However, dye sublimation is part of a wider class of disperse dye inks. Disperse inks are generally split into low, medium or high energy. Dye sublimation can be classed as a low energy disperse dye ink, while most disperse inks usually refer to a higher energy version. As with dye sublimation, this ink is fixed by heat and is best suited for polyester, poly-lycra and nylon but in some cases can also be used for acetate rayon and acrylics. Disperse ink is usually able to achieve good wash-fastness and light-fastness and is suitable for outdoor applications, including outdoor furniture and even automotive upholstery. For this reason many higher volume printers that are aimed at the garment and home furnishings market are moving to disperse dye inks.

The next type of ink to consider is acid and reactive inks, which we can class together as both are made from dyestuff and have similar properties.

Acid dyes are used to dye protein-based fibres like wool and silk, and can also be used on polyamides, cashmere and angora. It is possible to use other inks for silk and wool but as a general rule acid dye ink gives the best results with these materials, as the dyes in the ink create ionic or electrostatic bonds with these materials.

Reactive dye ink is typically used for cotton as well as linen, nylon and rayon where it can form a chemical bond with cellulose in the fabric. This ink offers strong vibrant colours with good wash-fastness and good rub resistance because the dyestuff molecules bond with the fibres and are said to be tolerant to perspiration.

Both acid and reactive dye inks work best with pre-treated materials. They need to be steamed after printing, which creates a reaction that forces the dye into the fibres. These prints must then be washed again after this process to get rid of any residues from the ink. They should be washed at least twice starting with a cold wash and then followed by a hotter wash to make sure that all the unfixed colour has been removed. In some cases it’s best to apply heating through drying and ironing after washing to give a longer life to the print.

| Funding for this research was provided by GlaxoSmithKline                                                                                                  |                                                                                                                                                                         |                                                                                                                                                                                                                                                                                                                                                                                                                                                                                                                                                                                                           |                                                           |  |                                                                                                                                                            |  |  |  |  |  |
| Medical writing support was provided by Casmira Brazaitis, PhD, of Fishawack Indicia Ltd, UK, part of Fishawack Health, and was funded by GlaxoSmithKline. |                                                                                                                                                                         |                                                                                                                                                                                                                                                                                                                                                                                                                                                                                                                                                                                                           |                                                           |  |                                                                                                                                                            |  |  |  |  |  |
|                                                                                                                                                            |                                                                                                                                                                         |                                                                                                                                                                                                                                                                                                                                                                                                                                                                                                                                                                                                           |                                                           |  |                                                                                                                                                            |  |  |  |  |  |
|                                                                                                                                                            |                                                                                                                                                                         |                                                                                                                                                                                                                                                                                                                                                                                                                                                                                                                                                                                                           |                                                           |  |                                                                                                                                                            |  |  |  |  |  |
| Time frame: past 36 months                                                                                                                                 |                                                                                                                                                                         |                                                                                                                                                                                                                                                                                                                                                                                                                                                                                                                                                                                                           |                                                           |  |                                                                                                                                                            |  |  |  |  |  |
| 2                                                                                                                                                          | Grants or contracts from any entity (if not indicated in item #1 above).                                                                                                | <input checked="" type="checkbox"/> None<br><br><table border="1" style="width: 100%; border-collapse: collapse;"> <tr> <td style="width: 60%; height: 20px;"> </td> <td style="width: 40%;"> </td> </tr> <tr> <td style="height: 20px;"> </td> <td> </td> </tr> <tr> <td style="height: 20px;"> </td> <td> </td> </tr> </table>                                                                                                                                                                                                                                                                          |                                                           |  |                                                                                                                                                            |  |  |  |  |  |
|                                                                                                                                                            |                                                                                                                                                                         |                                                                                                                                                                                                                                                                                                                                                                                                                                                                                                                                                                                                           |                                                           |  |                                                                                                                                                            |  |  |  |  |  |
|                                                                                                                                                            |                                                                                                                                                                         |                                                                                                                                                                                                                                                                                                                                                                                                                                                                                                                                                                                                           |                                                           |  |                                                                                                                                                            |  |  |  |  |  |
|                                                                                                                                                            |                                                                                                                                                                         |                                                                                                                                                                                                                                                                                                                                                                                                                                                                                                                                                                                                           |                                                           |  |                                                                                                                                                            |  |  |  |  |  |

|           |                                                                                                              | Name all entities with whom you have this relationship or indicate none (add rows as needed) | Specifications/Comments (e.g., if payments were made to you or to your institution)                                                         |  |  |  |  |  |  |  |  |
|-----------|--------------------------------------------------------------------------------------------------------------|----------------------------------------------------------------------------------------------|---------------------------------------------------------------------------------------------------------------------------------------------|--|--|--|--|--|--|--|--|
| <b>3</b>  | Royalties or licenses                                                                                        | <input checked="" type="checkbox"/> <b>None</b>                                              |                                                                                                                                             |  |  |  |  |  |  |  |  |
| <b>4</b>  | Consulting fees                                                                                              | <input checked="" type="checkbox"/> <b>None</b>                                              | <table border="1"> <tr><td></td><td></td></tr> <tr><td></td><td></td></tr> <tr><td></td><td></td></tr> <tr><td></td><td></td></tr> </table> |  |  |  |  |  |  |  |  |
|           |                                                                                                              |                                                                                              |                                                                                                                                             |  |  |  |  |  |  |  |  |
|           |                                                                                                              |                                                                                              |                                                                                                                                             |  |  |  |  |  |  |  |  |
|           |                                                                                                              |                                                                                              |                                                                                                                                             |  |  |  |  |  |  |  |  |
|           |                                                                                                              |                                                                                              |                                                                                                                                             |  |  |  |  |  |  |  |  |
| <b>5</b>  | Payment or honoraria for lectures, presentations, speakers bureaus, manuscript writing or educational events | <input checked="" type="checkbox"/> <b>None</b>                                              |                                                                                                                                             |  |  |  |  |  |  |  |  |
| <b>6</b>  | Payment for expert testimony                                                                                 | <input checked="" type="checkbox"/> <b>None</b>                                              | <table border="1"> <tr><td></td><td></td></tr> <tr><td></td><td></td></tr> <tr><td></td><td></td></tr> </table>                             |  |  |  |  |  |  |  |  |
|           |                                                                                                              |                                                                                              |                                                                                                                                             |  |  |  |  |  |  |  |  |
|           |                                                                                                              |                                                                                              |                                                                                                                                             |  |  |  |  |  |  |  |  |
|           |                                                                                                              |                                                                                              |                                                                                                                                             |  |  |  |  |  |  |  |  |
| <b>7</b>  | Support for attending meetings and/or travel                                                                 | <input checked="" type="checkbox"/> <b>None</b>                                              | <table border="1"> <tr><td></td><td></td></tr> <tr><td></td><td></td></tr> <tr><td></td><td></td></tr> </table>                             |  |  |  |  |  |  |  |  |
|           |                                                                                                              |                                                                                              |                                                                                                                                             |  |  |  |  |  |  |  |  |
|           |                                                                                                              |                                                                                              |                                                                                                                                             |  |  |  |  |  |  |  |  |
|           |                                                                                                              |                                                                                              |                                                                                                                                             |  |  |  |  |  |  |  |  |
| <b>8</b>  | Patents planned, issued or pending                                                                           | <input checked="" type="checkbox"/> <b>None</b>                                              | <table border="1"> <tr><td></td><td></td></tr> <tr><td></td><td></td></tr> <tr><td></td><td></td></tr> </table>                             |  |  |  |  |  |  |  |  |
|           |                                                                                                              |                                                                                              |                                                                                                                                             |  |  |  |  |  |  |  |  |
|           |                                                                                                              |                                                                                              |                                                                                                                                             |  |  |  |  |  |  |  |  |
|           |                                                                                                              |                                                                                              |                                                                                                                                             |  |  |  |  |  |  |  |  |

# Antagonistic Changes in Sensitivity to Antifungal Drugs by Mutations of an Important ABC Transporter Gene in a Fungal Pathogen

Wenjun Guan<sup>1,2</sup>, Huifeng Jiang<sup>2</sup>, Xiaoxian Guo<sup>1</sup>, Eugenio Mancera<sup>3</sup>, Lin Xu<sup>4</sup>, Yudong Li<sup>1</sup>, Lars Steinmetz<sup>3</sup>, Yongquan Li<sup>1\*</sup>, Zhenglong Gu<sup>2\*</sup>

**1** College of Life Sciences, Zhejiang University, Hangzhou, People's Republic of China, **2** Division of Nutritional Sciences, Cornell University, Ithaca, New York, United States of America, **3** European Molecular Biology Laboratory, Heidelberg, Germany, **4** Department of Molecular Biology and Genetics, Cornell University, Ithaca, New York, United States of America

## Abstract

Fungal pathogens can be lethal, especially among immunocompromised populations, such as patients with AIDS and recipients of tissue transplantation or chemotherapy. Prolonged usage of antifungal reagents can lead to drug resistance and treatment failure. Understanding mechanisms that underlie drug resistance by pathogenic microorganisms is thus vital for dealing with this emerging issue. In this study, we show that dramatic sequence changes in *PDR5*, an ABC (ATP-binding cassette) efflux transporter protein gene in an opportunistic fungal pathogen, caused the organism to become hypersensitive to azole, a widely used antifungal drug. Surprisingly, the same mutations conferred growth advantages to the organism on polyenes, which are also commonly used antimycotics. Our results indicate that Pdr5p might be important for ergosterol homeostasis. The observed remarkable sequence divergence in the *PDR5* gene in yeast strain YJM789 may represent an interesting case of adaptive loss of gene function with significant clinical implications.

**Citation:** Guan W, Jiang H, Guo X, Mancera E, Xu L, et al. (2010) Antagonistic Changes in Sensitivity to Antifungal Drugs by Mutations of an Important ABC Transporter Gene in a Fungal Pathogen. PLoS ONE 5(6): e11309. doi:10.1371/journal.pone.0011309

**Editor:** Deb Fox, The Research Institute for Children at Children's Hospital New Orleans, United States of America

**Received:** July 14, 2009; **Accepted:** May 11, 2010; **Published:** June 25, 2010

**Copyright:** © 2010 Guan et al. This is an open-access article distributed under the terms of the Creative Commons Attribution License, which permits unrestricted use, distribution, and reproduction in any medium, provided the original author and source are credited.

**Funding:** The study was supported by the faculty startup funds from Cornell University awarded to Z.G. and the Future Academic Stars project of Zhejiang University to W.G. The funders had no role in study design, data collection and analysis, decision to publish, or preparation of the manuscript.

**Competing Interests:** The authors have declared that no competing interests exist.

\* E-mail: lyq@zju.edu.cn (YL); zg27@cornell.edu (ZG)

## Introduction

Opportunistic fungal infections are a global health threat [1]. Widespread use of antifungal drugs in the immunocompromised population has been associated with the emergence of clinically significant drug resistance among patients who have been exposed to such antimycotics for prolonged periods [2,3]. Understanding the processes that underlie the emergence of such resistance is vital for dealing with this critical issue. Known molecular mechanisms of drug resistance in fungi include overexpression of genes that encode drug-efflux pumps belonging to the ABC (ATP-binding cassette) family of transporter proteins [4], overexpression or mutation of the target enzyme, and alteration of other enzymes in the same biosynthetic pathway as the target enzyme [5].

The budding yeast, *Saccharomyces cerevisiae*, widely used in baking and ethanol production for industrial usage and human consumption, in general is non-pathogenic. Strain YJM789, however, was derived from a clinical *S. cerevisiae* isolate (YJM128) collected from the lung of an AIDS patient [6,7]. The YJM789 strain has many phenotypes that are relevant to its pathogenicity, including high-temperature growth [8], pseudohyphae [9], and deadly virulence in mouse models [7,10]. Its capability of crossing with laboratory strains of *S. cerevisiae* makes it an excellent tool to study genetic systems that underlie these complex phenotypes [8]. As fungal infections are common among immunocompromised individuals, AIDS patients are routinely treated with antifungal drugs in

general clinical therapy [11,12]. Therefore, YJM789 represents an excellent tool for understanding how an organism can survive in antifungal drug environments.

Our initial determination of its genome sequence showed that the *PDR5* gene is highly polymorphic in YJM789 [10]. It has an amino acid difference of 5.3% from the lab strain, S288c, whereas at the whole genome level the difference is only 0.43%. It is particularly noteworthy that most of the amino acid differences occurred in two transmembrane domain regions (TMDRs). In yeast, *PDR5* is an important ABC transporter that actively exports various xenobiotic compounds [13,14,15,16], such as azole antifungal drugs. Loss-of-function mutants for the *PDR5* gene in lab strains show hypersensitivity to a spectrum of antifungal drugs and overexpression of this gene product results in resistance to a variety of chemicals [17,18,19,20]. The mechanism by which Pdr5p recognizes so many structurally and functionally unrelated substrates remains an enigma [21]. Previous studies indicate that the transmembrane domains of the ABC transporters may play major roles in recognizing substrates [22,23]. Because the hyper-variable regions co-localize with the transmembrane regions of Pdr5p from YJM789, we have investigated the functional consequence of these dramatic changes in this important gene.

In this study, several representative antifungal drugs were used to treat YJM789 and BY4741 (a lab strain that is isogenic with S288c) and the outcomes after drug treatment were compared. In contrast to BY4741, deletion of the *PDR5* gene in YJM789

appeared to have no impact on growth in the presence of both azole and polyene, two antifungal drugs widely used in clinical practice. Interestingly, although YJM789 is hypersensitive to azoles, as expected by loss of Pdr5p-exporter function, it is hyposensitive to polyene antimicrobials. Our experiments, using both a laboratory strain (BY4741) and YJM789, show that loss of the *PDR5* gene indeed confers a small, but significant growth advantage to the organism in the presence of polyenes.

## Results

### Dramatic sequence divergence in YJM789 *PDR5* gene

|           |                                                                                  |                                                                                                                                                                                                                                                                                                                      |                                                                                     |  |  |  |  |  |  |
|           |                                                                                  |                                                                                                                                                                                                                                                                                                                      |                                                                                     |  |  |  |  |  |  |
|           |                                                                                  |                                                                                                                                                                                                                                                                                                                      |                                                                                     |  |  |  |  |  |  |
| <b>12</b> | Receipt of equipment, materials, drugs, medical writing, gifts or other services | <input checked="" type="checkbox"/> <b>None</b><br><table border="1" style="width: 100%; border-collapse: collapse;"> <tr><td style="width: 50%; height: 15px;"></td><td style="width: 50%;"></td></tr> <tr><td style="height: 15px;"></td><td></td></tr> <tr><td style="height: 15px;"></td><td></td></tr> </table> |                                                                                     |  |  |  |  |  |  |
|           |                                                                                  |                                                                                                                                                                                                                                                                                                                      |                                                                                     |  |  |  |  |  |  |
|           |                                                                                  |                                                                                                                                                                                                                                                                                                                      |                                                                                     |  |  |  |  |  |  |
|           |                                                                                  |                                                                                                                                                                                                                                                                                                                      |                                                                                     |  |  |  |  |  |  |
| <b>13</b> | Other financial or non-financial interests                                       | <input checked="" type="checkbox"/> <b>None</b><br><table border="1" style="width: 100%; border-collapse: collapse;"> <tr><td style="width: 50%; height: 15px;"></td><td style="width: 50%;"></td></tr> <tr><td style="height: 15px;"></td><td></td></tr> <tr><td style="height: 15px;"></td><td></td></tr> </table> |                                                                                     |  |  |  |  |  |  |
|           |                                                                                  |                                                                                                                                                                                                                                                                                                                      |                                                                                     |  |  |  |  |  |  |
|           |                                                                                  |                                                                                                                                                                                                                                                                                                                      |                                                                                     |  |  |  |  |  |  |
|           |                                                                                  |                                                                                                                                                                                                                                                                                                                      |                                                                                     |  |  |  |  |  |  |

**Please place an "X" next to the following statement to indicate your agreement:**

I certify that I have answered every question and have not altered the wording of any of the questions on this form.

Caption: This Mimaki TX300P can be loaded with two sets of ink simultaneously and can print direct to either paper or fabric. ©Nessan Cleary

Finally, there are pigment inks, which are suitable for use with cotton and natural fibres including polycotton blends but can also be used with linen, rayon, silk, wool, nylon and polyester. Pigment inks use finely ground tiny colourant powder particles with binders that are activated by a heat process.

However, this ink is best suited to décor and furnishing applications, where there’s less chance of the finished fabrics being subjected to wet washing, as the pigments sit on top of the fibres rather than being embedded into the fabric as with other ink types. As a rough guideline, pigment inks don’t quite have the same degree of colour brightness, fabric stiffness and colour fastness as reactive dye inks though of course individual ink manufacturers may claim that their inks avoid these issues. In any case, pigment inks are much easier to work with as there is no need for the steam fixation and extensive washing processes associated with acid and reactive dye inks. There’s also a good environmental argument to be made for this type of ink as it uses less water and less heat energy.

Inevitably, there is a compromise to be made between the amount of pre and post-processing required and the overall quality of the print and its longevity. Any additional processing steps will inevitably add to costs but this may be justifiable for higher value products, such as silk scarves and other fashion items. In any case, many printer vendors offer a choice of inks so that customers can diversify their business by running multiple printers of a similar type, each configured with different ink sets for particular fabrics and applications.